Another attack on the iPhone 5s TouchID sensor… a German security firm has claimed to be able to use an iPhone 4s camera to grab a fingerprint image and then make that image into a fake finger mold. It still takes a bit of effort, but one barrier to entry (hi res camera) has been removed.
In addition, the same company claims to have defeated the Activation Lock feature which cripples lost/stolen phones by:
Getting a good photo of the target’s fingerprint
Making a fake finger mold
Putting the device into airplane mode
Going to another computer and requesting a password reset on the target’s Apple ID
Unlocking the phone with the fake fingerprint
Turning airplane mode off just long enough to receive the password reset email and resetting the password on the account.
Once this is done, the attacker would have the ability to unlock the phone. The key to this attack is getting the phone into airplane mode, which can be done from the lock screen if Siri and/or the Control Center are enabled on the Lock Screen. I would again recommend that 5s users turn off access to Siri and Control Center from the Lock Screen.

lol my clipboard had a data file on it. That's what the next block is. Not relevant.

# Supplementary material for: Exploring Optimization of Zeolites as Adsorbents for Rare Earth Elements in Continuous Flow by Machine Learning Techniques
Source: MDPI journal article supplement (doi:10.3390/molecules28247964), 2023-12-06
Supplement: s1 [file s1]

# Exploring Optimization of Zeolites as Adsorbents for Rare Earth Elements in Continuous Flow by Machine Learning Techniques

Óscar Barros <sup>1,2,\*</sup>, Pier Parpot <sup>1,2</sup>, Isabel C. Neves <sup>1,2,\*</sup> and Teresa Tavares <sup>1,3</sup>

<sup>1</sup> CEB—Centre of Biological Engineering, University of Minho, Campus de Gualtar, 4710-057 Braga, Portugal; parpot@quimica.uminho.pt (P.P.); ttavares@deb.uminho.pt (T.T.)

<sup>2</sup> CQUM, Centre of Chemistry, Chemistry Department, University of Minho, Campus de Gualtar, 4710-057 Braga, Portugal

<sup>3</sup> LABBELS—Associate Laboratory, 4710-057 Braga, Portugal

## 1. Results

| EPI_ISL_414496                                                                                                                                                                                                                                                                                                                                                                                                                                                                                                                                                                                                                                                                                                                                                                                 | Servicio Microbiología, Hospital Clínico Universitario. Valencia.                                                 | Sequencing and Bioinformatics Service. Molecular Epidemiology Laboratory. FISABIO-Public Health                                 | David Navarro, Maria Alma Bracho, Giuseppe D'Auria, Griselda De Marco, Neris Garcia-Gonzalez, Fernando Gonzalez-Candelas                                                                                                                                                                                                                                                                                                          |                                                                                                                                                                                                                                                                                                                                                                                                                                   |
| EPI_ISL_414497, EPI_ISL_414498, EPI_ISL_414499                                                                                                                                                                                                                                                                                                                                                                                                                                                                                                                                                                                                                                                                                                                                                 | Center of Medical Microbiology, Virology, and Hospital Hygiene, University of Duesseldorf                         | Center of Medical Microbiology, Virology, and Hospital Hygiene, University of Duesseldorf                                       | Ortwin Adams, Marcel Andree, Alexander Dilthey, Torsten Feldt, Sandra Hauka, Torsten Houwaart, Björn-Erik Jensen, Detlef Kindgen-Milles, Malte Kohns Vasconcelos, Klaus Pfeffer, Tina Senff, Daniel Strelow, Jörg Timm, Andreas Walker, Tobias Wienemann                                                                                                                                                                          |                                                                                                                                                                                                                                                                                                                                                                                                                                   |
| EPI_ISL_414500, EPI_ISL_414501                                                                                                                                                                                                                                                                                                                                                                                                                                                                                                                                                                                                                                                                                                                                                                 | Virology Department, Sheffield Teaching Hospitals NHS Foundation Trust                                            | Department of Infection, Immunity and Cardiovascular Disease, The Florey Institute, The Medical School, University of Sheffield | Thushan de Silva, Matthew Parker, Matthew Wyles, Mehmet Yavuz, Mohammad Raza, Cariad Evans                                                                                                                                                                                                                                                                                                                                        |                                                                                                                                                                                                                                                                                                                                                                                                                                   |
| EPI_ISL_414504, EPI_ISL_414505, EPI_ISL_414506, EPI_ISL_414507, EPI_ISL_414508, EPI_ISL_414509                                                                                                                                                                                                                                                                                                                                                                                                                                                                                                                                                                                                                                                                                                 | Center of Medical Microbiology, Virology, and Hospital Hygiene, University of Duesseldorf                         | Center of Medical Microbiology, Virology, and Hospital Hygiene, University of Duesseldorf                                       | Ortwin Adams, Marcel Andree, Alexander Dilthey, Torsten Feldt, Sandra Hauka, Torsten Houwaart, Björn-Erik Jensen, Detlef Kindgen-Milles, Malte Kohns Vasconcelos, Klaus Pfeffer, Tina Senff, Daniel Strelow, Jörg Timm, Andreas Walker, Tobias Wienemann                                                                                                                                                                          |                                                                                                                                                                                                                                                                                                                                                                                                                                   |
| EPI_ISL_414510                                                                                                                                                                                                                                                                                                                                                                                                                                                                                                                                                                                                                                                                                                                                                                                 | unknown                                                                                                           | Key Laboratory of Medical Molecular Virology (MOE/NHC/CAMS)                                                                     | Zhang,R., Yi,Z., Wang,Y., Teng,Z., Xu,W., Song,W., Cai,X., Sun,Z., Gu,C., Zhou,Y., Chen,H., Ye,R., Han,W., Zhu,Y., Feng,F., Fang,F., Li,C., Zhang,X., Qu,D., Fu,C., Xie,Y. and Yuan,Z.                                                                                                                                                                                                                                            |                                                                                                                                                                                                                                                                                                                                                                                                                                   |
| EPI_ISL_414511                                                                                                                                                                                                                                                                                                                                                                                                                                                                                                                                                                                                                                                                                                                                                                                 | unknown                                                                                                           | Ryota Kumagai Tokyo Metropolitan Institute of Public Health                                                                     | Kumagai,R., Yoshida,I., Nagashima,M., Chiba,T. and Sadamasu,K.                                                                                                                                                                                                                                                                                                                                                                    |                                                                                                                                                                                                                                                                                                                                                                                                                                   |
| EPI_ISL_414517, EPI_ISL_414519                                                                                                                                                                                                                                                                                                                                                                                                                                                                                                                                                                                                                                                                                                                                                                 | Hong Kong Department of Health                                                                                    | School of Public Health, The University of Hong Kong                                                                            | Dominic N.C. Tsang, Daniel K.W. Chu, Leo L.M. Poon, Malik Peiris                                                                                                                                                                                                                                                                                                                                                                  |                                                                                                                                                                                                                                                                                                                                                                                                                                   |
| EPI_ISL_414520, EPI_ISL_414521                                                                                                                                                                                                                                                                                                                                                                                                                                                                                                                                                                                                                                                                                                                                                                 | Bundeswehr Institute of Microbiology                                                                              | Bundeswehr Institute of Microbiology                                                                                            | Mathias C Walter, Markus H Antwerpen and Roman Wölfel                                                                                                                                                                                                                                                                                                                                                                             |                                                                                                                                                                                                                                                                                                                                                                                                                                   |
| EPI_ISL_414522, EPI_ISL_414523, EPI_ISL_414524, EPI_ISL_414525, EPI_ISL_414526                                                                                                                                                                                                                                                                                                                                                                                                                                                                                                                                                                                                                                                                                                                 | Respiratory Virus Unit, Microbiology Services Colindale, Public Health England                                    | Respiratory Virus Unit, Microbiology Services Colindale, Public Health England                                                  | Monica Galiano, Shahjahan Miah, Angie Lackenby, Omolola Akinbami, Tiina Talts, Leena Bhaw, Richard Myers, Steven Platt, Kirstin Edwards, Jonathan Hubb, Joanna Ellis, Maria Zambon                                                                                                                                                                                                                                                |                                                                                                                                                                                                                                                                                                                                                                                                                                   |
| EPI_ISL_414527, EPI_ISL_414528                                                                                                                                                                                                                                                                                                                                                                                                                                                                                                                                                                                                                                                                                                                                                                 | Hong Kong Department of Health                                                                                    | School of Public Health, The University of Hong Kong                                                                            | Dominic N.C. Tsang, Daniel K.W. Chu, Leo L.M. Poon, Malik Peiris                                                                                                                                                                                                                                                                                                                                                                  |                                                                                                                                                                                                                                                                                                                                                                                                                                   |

The same webpage includes a video showing the fake fingerprint technique used successfully on another phone as well as on a Lenovo laptop.
It is starting to look like fingerprint based authentication on corporate/consumer devices is still a work in progress and CISOs in organizations with BYOD policies need to do a risk analysis to determine whether the convenience of fingerprint authentication is outweighed by the potential risks. This is not a “one size fits all” calculation and really depends on the profile of your attackers. For some organizations, this is easy – I would hope that a defense contractor targeted by nation states would not use fingerprint authentication. For small businesses or consumers who are mostly concerned with device loss and non targeted theft, fingerprints may be good enough (especially if devices were not protected with passcodes in the past. Unfortunately most businesses fall somewhere in the middle of these two cases.
PS – One small positive item I left out from my previous posts on this topic… if you power off your 5s altogether or have not authenticated to the phone for 48 hours, you will be required to enter your passcode to access the phone.